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Playground (Un Monde)

Director – Laura Wandel – 2021 – Belgium – Cert. 15 – 72m

****1/2

A quiet, seven-year-old girl starts school and has to deal with the trauma of her older brother being bullied by bigger boys – out in cinemas on Friday, April 22nd

They hug in the playground before going in. It’s the first day of school for seven-year-old Nora (Maya Vanderbeque) and she doesn’t want to be separated from her elder brother Abel (Günter Duret). When she’s pulled off him, she just wants to hug her dad (Karim Leklou) and doesn’t want him to leave. Eventualy, the kindly lady schoolteacher takes her firmly by the hand and walks her into the building. In class, she’s hesitant about speaking her name. At lunch, she’s not allowed to sit with her brother but must stay with the kids the same age as her.

In the playground, she approaches Abel, but he tells her to keep away as “we’re beating up the new kids with Antoine”. She blunders in anyway and sees him trying to defend her from the bullies. Later, witnessing an incident on the stairs, she reports that older boys are bullying her brother causing a teacher to intervene. He won’t tell the teacher what’s going on, believing that will only make things worse.

Things do indeed worsen for Abel. Antoine (Simon Caudry) and others repeatedly dunk Abel’s head in a toilet bowl, forcing the recalcitrant boy to tell a teacher “we had a water fight”. In a later incident, they lock him in a communal bin on the edge of the playground. After Nora has been in the health room having a grazed knee disinfected, the playground monitor won’t let her out to the bin (she doesn’t mention that she’s seen her brother being put inside it). She is both confused and upset by the situation.

By this time, Nora has attempted to distance herself from Abel, but it may be too late because the other girls in class don’t want to have anything to do with her on account of her brother. She denies that he IS her brother. Her friend (Lena Girard Voss) sticks up for her, but another classmate Victoire (Elsa Laforge) starts asking if her father, who hangs around the school during the day concerned for Abel, is a “scrounger”. Her dad later explains to her that he takes care of both kids full time. When Victoire refuses to give Nora a printed invite to her birthday party, Nora rips up the invites. Nora’s dad and Victoire’s concerned mum try and sort it out later.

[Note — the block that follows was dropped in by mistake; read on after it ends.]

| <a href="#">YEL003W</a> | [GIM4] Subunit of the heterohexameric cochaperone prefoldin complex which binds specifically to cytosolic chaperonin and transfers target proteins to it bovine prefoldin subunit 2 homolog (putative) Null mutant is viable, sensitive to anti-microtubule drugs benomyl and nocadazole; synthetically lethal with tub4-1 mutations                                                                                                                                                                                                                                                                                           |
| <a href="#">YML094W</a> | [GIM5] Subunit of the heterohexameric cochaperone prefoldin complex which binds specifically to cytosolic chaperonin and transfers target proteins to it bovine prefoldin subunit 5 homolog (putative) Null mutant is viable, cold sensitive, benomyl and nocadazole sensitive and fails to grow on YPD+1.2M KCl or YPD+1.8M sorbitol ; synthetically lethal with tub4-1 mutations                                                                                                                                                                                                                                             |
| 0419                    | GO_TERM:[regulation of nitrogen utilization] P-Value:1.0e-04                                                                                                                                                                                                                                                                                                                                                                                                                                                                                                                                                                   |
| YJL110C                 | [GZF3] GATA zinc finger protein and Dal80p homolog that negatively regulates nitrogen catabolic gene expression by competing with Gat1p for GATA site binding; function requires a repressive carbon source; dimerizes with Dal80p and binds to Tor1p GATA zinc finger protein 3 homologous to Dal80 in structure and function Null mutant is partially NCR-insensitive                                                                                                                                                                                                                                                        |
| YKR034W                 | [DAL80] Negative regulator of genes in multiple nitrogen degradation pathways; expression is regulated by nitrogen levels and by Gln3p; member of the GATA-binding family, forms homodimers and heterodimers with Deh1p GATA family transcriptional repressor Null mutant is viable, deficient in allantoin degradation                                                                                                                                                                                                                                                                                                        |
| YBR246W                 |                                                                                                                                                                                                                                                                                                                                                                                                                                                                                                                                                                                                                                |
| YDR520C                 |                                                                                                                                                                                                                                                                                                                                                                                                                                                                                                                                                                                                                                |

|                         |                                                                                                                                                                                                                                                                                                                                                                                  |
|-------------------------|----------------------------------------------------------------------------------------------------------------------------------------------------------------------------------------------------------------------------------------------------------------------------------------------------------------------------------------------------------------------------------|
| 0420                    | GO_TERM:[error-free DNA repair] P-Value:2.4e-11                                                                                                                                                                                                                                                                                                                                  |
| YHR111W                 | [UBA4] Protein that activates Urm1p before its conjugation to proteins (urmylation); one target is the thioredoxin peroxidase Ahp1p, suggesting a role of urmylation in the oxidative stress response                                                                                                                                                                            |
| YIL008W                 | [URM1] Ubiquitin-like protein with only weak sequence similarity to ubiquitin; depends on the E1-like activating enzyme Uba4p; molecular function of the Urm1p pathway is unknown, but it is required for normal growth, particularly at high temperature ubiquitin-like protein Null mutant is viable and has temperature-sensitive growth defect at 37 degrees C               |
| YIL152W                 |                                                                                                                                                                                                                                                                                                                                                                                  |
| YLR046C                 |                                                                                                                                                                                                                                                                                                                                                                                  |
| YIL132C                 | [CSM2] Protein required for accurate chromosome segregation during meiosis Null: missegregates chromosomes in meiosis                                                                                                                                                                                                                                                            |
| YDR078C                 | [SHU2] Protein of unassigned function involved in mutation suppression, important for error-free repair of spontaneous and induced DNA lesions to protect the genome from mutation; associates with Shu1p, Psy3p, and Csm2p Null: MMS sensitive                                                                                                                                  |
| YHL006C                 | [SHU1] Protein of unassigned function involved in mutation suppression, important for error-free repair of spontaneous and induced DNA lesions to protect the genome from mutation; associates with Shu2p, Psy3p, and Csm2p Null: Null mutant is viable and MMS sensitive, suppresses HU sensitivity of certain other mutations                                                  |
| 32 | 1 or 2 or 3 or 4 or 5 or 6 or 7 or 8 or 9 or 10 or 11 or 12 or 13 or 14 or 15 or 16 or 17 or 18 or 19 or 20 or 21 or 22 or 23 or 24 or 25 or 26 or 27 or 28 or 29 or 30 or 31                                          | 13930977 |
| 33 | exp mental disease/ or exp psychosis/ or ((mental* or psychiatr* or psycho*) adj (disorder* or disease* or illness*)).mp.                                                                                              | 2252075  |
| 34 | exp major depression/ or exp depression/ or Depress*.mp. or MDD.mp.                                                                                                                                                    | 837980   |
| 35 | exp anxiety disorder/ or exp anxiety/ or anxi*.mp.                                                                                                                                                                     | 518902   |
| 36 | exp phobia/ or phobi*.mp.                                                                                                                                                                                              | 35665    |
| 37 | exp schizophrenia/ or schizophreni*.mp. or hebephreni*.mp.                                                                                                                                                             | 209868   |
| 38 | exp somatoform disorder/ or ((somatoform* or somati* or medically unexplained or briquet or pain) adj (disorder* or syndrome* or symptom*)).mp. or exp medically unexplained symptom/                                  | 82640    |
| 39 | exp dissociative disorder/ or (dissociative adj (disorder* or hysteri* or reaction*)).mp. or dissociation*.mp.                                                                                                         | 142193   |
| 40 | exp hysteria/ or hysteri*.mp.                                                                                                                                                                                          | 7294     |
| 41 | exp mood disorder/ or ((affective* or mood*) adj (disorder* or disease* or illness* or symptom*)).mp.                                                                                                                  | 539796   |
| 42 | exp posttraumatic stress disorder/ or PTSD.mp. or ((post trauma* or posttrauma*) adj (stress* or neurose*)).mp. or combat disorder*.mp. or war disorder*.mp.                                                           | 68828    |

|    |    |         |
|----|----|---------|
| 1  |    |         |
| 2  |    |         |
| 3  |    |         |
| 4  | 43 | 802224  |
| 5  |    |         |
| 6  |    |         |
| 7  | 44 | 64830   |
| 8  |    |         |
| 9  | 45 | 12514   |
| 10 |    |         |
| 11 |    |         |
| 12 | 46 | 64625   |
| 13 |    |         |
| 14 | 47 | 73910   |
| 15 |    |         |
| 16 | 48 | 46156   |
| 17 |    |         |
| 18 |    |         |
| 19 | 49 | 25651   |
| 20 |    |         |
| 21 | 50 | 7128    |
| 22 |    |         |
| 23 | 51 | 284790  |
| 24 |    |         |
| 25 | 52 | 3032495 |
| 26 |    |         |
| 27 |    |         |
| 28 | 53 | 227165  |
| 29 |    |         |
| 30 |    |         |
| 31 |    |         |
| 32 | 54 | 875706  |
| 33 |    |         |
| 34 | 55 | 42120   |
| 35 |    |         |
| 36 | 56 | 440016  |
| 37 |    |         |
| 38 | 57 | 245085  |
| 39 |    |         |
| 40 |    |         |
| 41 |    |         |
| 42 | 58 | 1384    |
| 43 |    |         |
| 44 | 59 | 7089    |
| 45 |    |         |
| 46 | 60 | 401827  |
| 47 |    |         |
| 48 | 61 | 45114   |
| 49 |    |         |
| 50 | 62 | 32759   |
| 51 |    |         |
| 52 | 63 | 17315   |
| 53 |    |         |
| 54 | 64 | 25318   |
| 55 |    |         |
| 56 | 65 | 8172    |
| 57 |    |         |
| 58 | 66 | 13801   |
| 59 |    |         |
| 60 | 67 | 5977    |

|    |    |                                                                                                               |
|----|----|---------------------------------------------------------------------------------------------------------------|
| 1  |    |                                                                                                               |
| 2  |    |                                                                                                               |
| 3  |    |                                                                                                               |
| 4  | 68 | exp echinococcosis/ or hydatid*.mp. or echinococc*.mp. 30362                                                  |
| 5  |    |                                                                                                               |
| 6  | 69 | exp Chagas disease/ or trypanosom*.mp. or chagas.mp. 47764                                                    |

Then Abel tries to get back into Antoine’s good books by helping him beat up another boy Ismael. Nora doesn’t rally know what to do, but sticks up for Ismael.

Writer-director Wandel shows the story from Nora’s perspective, charting the conflict between her faltering attempts at socialising with the girls in her class and finding herself the sister of a boy regarded by her peers as a scapegoat from whom they all want to steer clear. Child actress Vanderbeque does an extraordinary job of carrying the film, showing a growth from timidity into confidence even as she grapples with simple issues. “Why are they doing this,” she says a lot. The supporting kids are good too, but they aren’t given anything like as much to do. Using a mixture of rehearsal and improvisation, Wendel gets extraordinary performances out of all of them.

The adults – Nora and Abel’s dad, the lady teacher who supervises the playground, Victoire’s mum, the headmaster who asks Antoine and pals to apologise to Abel if if that’s going to solve anything, are seen as largely ineffectual. Only Nora’s teacher Mme Agnès (Laura Verlinden) really provides her with any real support, and towards the end she leaves to go to another school. Her replacement, unaware perhaps of recent events at the school, proves far less sympathetic.

Nora ultimately learns to take some degree of responsibility for all that’s gone on and the closing image suggests she may have found a way of resolving her disagreements with Abel. It’s a remarkable and engrossing piece, really getting under the skin of its young protagonist and her plight. It achieves more in its 70-odd minutes than many films do in a far longer length of time. It comes here with a BBFC 15, which I understand because this material is potentially quite upsetting, yet if I had a child that I thought was being bullied – or for that matter perpetrating bullying – I’d want to take them to see this and have a chat about it afterwards. That said, we adults were all kids once and the film is well worth seeing as an adult.

Playground is out in cinemas in the UK on Friday, April 22nd.

Trailer:

2022

UK Cinemas: Friday, April 22nd

2021

London Film Festival

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